I took Bindu in my room. Sis-in-law complained, “Middle Bride will spoil the poor man’s daughter to death.” She started complaining about me all around. But I knew for sure that she felt greatly relieved. Now the burden of crime came upon me. She was relieved to see that Bindu had finally found some care, some affection from me – things that she could never give her. She’d often hide Bindu’s real age to make her look younger. Actually, Bindu was so cumbersome and awkward that if she ever fell on the floor and broke her head, people would first tend to the floor before minding her. Hence, without the presence of her parents, there was nobody to arrange for her wedding; it was also impossible to find a brave man who’d come forward and take her as his bride.
Bindu came to live with me with great trepidation as if I couldn’t tolerate her remotest touch. She thought she had no reason to live in this world; she’d avoid everyone and bypass all. In her father’s family, her cousins would never spare a little corner for her where nobody else could even leave unwanted items. In fact, unwanted items would easily find room in far and near corners of a home because people would forget them, but an unwanted woman would not find even a dump because first she was unwanted, and then, she could not be forgotten. Nobody could vouch that Bindu’s cousins were particularly wanted or needed in this world either. However, they did just fine.
So, when I brought Bindu into my room, she became very nervous. I felt very sad to see her fear. With great effort and affection I convinced her that she’d indeed have a little space in my quarters.
But my quarters were not my quarters alone. My task therefore didn’t turn out to be easy. Within a few days, she developed some red rashes on her body – they could be heat prickles or something similar. But you all said it was smallpox. Because it was none other than Bindu! An apprentice doctor from your neighborhood came and said, “Can’t tell without waiting for a couple more days.” But who’d wait at all? Bindu felt like dying out of embarrassment. I said, “Let it be smallpox. I’ll stay with her in that small labor room; you don’t need to do anything.” And then, when you were all furious with me, and Sis-in-law herself got terribly shaky and proposed to send her out to the hospital, her rashes disappeared. You said, “That smallpox must’ve buried inside the skin.” Sure, because it was none other than Bindu.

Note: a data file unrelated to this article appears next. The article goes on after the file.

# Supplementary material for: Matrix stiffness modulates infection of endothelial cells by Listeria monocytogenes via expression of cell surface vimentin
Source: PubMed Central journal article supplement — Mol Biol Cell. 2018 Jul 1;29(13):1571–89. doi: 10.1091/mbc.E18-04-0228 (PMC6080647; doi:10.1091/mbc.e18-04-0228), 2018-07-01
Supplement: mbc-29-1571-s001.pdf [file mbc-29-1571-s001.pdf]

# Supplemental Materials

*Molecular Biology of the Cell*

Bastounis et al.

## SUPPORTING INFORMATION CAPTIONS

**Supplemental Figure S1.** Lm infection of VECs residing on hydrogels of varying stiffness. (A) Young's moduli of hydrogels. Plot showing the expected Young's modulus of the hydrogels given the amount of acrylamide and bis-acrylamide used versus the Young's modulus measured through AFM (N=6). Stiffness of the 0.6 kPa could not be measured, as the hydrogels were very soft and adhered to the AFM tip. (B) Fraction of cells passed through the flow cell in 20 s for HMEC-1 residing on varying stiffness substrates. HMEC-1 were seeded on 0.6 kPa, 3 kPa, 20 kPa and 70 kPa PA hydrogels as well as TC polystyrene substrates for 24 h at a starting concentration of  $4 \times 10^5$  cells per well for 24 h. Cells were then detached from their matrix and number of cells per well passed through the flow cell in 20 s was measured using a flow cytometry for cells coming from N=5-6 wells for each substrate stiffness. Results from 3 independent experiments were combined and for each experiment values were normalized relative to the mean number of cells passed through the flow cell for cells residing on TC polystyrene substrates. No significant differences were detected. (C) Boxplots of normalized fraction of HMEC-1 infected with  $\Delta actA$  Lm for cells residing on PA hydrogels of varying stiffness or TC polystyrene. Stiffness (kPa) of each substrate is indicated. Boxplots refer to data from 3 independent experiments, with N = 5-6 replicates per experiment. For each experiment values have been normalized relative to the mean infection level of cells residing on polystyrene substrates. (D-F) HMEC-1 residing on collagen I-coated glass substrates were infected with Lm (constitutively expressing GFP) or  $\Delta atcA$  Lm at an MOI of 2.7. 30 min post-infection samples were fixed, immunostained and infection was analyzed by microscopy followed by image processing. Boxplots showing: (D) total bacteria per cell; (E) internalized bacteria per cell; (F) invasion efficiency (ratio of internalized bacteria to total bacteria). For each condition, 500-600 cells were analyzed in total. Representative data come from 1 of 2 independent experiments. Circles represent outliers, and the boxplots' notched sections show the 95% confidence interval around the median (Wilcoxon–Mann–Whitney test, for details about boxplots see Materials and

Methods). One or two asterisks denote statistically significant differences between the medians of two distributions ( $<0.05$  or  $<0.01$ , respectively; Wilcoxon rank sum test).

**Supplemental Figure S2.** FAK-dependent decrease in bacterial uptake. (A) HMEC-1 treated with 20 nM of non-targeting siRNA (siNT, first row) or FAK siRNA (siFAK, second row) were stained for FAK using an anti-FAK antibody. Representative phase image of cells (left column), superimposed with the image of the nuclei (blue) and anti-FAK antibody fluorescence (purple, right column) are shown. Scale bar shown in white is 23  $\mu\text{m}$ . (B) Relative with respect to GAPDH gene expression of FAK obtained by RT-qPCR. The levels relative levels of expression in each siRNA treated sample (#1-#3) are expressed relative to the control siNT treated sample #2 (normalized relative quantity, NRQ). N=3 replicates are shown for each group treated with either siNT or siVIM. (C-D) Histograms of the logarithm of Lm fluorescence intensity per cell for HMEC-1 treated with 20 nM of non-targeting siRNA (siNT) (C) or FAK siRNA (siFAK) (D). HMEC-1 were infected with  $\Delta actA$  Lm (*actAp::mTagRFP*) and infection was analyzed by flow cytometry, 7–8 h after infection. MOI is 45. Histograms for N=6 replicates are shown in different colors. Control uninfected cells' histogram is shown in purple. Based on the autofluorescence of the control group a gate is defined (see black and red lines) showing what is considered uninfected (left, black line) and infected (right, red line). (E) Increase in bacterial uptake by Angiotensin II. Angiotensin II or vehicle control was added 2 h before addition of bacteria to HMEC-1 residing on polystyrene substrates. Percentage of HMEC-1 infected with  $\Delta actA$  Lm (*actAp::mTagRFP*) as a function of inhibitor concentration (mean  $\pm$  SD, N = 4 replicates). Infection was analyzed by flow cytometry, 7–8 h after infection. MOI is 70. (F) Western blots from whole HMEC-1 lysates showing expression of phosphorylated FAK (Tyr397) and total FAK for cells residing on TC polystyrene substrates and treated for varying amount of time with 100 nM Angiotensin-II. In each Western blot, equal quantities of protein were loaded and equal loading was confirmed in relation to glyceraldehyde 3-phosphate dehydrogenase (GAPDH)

One of the big pluses of growing up in total lack of care was that it’d make you extremely strong. No illness could strike you, and all the roads to die would be totally closed off. The disease came to poke fun at her, but nothing else happened. But it was indeed clear that finding help for the most unwanted person in the world was the hardest thing to do. She needed the maximum protection; she had the maximum obstacles to it instead.
When Bindu finally broke her apprehensions about me, she grew yet another problem. She started loving me so much that even I was frightened. Did I ever see such an image of love in my entire life? Of course I read about it, but it would be between a man and a woman. The awareness that I was beautiful didn’t occur back to me in a very long time – now after so many years, this ugly girl brought that subject up. She wouldn’t stop looking at me. She said, “Sister, nobody else but me has ever looked at your face.” She’d be upset if I did my own hair. She’d find much pleasure to play with the volume of my hair. I’d never have any reasons to dress nicely unless there was a party outside. Now Bindu would make me irritated and dress me up every single day. She went wild with me.
There was not a single open space in your interior. There was a wild pome tree near the sewer by the northern fence. I knew it was spring when the tree showed bright-red budding leaves. In my quarter, I saw the uncared-for girl’s heart turning colorful; I knew there was spring in the world of hearts, and it came from the heavens, not from some dark alley.
Bindu made me annoyed with her deep care for me. Sometimes I’d be angry at her, still, through her affection, I saw a new me unfolding – something I’d never seen in life. It was a liberated me.
On this side, however, the fact that I was taking so much trouble for someone like Bindu was not well taken by you. Everybody would begrudge and bemoan about it. The day I lost my precious necklace, you’d never hesitated to declare that it was Bindu who’d done it. When the police came to search for suspected freedom activists, you’d all suspected that it was Bindu who had been the police spy. There was no other evidence for it: the only evidence was that it was Bindu.
Your maids would always object to do anything for her; she too would be frozen if someone volunteered to help. Naturally, my expenses went up: I employed a private maid. You didn’t like it at all. You were so upset to see the clothes I gave Bindu to wear that you stopped paying for my allowances. I started wearing cheap and coarse locally made clothes from the next day. I also asked Moti’s Ma not to come anymore to do my dishes. I’d feed my cow with the leftover rice and then do the dishes myself. You were not pleased to see it either. I could never grapple with the simple truth that it was always okay not to please me and it was never okay not to please you.